“[The court] also holds that Defendants unlawfully promulgated the rule without complying with the APA’s notice-and-comment requirements, because neither the ‘good cause’ nor the ‘foreign affairs function’ exceptions are satisfied on the record here,” Kelly wrote. “Despite their potentially broad sweep, the D.C. Circuit has instructed that these exceptions must be ‘narrowly construed’ and ‘reluctantly countenanced.’ The Circuit has also emphasized that the broader a rule’s reach, ‘the greater the necessity for public comment.’ With these baseline principles in mind, the Court considers whether either the good cause or foreign affairs function exception applies here. Neither does.”
According to Kelly, the Immigration and Nationality Act (INA) generally allows any person physically in the U.S. seeking refuge to apply for asylum — with some exceptions for immigrants who have committed certain crimes or who had previously been “firmly resettled” prior to arriving in the U.S.
“The Court reiterates that there are many circumstances in which courts appropriately defer to the national security judgments of the Executive. But determining the scope of an APA exception is not one of them,” Kelly wrote. “As noted above, if engaging in notice-and-comment rulemaking before implementing the rule would have harmed ongoing international negotiations, Defendants could have argued that these effects gave them good cause to forgo these procedures. And they could have provided an adequate factual record to support those predictive judgments to which the Court could defer. But they did not do so.”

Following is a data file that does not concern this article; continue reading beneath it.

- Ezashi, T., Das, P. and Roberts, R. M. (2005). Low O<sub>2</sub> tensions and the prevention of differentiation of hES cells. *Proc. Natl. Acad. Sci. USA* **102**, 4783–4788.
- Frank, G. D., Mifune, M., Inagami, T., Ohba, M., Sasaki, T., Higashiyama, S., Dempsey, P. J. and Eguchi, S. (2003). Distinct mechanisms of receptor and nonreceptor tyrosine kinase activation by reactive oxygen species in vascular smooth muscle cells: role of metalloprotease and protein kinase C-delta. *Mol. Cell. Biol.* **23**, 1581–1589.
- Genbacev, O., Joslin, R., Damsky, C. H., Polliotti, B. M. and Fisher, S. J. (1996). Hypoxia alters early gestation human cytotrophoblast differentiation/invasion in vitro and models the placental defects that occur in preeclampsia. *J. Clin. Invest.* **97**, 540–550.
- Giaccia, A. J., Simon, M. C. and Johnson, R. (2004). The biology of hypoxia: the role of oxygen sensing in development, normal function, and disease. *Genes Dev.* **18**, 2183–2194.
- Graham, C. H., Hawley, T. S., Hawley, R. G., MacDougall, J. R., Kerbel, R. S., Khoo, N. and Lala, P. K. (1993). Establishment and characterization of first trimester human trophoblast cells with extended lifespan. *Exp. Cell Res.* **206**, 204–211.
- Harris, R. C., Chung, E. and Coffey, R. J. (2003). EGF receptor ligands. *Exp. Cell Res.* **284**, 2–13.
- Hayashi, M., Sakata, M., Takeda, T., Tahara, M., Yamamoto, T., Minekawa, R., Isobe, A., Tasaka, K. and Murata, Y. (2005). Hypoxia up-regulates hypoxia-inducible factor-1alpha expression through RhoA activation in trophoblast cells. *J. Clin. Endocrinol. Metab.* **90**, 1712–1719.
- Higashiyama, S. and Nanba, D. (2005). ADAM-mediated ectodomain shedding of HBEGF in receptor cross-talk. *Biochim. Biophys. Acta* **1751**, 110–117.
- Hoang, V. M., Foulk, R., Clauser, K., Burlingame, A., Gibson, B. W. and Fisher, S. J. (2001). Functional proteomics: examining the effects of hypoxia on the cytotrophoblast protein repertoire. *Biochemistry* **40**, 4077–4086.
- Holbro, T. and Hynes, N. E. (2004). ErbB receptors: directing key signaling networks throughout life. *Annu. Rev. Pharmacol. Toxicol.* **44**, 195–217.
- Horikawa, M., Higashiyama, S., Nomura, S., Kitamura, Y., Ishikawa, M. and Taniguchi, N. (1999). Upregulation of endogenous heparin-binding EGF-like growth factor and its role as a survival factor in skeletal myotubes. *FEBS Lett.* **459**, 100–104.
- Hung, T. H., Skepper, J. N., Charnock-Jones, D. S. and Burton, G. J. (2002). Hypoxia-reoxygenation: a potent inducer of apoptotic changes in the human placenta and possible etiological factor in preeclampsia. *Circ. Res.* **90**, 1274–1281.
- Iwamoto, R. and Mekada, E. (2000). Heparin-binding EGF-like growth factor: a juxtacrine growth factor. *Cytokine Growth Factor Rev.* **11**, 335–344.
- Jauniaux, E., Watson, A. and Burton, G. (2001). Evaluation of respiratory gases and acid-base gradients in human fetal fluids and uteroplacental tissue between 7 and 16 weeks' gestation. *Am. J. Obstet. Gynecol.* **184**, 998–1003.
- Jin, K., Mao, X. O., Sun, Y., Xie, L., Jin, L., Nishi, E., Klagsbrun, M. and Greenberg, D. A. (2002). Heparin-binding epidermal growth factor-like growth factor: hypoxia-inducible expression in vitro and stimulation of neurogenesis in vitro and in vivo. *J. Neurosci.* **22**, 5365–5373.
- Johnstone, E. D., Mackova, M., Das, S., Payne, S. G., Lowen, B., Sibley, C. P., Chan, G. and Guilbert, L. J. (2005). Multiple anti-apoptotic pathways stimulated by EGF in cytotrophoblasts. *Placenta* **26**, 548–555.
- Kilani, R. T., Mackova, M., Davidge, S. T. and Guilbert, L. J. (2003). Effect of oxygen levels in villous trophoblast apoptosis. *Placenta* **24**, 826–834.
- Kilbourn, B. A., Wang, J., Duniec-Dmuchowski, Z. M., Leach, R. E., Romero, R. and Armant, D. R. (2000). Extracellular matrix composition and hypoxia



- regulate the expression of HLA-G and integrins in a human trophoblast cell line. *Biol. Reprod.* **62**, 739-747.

Claudia Cubas, the Litigation Director at CAIR Coalition, one of the plaintiffs in the lawsuit, praised the decision as removing an “unjust barrier to protection” for those in need.
“By striking down this rule, Judge Kelly reaffirmed two fundamental principles. The protection of asylum seekers fleeing for safety is intertwined with our national values and that the United States is a country where the rule of law cannot be tossed aside for political whims,” Cubas said.
Read the full opinion below: